Jack Kirby brought his distinctive style to DC Comics in the 1970s. While his greatest contribution to the DC Universe was the introduction of Darkseid and the other New Gods, his longest-lasting series was Kamandi, the Last Boy on Earth, which began in 1972.
Originally, Kamandi was the last normal human survivor after a vague "Great Disaster" which occurred (or at least started) in the 1980s and involved, but was not limited to, a nuclear war. Later comics fleshed out this disaster and, as explained in the previous node, tied Kamandi's story with that of Omac, the One Man Army Corps. By then, Kamandi had encountered many other relatively normal humans. Kamandi's earth was Planet of the Apes on steroids; most humans were inarticulate savages, while anthropomorphic animals, including apes, tigers (for some reason, based in North America, a region not known for its tiger population), lions, wolves, bears, and others lived in developed, generally feudal civilizations.1 Wreckage of our own civilizations littered the landscape.
Kamandi had several associates over the run of the comic book, including a mutant human named Ben Boxer (who could transform into metal and who wore something akin to a superhero outfit) a dog scientist named Dr. Canus, a castaway alien known as Pyra, and a semi-feral human called Flower. Time-travel stories allowed Kamandi to crossover with Batman and Superman.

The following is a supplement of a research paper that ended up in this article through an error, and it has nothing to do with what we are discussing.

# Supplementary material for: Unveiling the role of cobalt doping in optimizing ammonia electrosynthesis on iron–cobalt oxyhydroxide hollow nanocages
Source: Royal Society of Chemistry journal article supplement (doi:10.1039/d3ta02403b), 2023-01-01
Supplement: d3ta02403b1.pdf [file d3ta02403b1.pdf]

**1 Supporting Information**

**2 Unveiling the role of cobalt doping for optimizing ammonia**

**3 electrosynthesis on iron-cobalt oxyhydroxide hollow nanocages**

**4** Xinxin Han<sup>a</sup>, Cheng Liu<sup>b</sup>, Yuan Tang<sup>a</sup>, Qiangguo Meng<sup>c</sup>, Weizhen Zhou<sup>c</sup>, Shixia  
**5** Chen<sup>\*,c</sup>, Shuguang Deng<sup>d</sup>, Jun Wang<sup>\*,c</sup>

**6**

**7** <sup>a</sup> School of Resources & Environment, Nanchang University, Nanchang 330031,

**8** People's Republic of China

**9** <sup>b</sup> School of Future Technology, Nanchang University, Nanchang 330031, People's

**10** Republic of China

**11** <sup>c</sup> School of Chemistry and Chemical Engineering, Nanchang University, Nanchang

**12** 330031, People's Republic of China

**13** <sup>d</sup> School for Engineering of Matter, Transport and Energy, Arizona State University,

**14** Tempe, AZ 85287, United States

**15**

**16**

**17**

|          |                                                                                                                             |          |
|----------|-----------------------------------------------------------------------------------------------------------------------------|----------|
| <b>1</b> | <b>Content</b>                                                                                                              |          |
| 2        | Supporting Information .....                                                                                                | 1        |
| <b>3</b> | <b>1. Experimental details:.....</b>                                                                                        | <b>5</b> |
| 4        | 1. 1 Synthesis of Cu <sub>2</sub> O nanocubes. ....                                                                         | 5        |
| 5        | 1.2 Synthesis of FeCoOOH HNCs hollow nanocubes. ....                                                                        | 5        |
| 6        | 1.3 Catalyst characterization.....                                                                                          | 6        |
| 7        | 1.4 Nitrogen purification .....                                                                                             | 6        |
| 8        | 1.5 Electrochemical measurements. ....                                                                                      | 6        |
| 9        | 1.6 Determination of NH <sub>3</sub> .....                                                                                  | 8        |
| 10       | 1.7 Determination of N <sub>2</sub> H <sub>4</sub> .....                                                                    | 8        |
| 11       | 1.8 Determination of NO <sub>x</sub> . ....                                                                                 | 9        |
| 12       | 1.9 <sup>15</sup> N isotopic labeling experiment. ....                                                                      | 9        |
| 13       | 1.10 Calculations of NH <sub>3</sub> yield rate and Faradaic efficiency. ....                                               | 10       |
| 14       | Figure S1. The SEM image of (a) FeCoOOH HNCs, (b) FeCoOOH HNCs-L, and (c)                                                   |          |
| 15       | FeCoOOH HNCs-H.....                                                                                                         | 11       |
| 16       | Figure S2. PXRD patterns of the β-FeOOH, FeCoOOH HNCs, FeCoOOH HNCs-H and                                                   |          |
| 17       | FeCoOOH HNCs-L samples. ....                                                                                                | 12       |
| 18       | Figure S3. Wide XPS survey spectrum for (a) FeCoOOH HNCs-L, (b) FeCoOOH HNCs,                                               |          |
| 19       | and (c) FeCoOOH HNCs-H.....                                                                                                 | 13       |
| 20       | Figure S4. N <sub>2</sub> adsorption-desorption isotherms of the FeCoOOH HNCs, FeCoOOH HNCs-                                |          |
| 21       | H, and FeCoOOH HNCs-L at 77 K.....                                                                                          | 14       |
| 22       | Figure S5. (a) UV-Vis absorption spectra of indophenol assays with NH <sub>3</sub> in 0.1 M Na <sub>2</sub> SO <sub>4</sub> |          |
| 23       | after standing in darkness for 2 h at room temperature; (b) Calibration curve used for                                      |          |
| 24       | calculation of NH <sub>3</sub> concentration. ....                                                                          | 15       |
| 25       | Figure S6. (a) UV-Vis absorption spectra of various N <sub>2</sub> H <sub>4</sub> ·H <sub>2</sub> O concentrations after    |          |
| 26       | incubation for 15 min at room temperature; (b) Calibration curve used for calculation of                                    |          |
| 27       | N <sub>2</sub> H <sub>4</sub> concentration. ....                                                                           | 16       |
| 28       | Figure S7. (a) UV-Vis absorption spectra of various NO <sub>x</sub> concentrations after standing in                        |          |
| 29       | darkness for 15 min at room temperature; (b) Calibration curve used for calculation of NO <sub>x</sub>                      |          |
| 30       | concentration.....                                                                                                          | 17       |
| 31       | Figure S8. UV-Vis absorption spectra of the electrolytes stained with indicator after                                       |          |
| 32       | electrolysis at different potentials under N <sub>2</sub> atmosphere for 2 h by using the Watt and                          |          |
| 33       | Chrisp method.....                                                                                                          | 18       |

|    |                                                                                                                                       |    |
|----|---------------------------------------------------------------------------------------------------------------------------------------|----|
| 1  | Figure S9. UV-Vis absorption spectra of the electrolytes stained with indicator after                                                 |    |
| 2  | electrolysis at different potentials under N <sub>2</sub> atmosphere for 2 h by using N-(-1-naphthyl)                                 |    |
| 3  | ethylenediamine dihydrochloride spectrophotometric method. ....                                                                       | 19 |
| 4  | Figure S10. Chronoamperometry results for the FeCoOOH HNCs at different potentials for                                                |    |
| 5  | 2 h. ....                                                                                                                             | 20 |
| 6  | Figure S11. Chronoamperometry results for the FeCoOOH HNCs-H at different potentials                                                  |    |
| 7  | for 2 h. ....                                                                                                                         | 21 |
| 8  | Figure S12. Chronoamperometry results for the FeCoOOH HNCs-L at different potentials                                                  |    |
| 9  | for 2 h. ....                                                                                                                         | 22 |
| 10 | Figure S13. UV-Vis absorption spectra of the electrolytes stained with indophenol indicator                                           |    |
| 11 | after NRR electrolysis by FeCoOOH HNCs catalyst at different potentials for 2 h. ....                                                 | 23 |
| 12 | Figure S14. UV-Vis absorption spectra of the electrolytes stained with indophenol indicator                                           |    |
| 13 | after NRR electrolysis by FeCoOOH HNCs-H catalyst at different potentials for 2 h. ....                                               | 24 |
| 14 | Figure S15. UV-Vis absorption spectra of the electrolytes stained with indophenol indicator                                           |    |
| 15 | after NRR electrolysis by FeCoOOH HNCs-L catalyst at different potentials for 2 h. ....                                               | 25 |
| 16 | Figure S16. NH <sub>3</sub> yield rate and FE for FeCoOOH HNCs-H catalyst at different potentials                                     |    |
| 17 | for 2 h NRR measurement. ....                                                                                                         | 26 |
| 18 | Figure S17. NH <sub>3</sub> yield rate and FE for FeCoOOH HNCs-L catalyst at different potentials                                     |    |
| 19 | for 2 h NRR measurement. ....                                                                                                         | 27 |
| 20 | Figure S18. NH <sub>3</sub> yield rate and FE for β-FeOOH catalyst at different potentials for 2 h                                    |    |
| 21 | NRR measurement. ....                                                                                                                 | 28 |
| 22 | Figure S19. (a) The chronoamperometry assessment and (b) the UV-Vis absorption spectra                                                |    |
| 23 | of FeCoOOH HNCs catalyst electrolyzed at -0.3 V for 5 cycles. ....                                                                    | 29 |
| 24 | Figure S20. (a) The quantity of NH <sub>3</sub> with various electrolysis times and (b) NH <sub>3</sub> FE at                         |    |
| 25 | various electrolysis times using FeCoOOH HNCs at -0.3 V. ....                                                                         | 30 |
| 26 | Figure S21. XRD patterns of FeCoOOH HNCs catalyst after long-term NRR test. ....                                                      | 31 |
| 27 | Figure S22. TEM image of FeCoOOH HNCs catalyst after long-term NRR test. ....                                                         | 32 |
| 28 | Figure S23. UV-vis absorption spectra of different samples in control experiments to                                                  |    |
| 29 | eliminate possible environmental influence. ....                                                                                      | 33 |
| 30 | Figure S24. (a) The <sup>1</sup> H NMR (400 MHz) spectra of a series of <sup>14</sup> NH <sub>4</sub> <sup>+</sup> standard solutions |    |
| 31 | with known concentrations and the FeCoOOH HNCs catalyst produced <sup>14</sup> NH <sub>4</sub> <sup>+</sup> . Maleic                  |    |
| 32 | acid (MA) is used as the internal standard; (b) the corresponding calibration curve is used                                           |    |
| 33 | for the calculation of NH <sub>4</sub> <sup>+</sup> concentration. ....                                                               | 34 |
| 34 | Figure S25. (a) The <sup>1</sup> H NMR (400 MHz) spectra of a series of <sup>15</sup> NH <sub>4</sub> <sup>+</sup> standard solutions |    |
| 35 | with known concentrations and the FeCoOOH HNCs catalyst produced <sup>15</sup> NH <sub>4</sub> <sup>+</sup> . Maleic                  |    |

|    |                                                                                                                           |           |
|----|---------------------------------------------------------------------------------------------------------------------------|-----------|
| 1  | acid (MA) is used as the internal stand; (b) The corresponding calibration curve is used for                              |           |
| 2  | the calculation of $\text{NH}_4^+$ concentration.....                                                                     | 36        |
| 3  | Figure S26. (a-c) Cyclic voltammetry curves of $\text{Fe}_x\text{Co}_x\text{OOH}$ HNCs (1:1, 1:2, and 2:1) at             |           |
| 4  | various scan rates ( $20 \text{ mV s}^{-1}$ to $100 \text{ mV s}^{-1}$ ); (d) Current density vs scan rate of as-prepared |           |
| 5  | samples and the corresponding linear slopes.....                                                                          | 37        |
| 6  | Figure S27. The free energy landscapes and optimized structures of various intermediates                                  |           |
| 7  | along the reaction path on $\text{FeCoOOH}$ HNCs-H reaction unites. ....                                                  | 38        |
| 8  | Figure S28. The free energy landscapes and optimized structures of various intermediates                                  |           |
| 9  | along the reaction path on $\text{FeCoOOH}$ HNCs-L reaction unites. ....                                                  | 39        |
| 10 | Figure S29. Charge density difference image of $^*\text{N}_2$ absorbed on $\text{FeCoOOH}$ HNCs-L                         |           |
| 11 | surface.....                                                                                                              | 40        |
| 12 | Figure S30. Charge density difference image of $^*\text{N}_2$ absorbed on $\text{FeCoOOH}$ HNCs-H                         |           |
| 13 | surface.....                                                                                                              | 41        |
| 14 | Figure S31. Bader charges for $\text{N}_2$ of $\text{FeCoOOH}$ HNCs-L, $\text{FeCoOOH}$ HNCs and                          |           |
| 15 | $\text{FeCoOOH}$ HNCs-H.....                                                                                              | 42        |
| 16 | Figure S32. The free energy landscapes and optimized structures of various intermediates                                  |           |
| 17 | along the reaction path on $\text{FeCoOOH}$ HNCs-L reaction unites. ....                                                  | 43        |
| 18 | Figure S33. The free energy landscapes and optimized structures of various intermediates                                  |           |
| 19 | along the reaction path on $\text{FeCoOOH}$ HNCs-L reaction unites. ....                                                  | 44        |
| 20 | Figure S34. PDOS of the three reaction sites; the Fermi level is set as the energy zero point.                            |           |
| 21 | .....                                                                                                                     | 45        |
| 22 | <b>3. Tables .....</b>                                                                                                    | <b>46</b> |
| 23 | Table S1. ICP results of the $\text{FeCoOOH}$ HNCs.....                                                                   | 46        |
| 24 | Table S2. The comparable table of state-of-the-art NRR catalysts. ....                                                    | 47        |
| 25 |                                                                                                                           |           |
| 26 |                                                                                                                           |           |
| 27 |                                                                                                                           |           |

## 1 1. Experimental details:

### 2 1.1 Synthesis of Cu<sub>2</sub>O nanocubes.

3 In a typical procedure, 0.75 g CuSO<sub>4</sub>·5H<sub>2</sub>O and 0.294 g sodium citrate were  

As other writers took over the comic, retcons assailed continuity. Dr. Canus, for example, transformed from a strong-willed and courageous character into a pusillanimous, simpering son of a bitch. Pyra was originally a living fireball who took on semi-human form only with the aid of sophisticated equipment on her ship, which took a "pattern" from Kamandi and transformed her into an earth-friendly form. Later stories gave her race the innate ability to take on humanoid form at will. Despite these changes to his secondary characters, Kamandi himself changed little, and even continued to wear only the same torn blue pants in which he'd made his debut.
Kamandi lasted until 1976. As the actual 1980s dawned, his reality became an alternate timeline. He appeared briefly in DC's Crisis on Infinite Earths, in which his story fused with that of Tommy Tomorrow. Nevertheless, Kamandi and his world reappeared in 1993's Kamandi at the World's End.
1. Kamandi never would have been published had it not been for the success of Planet of the Apes. Early issues regularly recall images from the movie series. In all fairness, however, Kirby had tackled similiar material earlier in his career. His story, "The Last Enemy" from a 1957 Alarming Tales featured a future world of anthropomorphic animals. The story is reprinted in Shocking Tales #1.